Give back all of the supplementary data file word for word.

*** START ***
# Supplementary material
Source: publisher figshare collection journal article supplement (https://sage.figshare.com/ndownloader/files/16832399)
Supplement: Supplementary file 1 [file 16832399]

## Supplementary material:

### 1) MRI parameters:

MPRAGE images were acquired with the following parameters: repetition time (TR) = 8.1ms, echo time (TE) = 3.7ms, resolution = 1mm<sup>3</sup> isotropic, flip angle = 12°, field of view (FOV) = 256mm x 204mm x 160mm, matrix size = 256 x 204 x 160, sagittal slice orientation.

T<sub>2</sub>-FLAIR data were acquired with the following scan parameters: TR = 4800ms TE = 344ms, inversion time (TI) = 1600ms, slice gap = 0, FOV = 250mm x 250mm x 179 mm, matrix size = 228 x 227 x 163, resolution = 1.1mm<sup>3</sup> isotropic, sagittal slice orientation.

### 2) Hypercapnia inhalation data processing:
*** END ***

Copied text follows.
# Supplementary material
Source: publisher figshare collection journal article supplement (https://sage.figshare.com/ndownloader/files/16832399)
Supplement: Supplementary file 1 [file 16832399]

## Supplementary material:

### 1) MRI parameters:

MPRAGE images were acquired with the following parameters: repetition time (TR) = 8.1ms, echo time (TE) = 3.7ms, resolution = 1mm<sup>3</sup> isotropic, flip angle = 12°, field of view (FOV) = 256mm x 204mm x 160mm, matrix size = 256 x 204 x 160, sagittal slice orientation.

T<sub>2</sub>-FLAIR data were acquired with the following scan parameters: TR = 4800ms TE = 344ms, inversion time (TI) = 1600ms, slice gap = 0, FOV = 250mm x 250mm x 179 mm, matrix size = 228 x 227 x 163, resolution = 1.1mm<sup>3</sup> isotropic, sagittal slice orientation.

### 2) Hypercapnia inhalation data processing: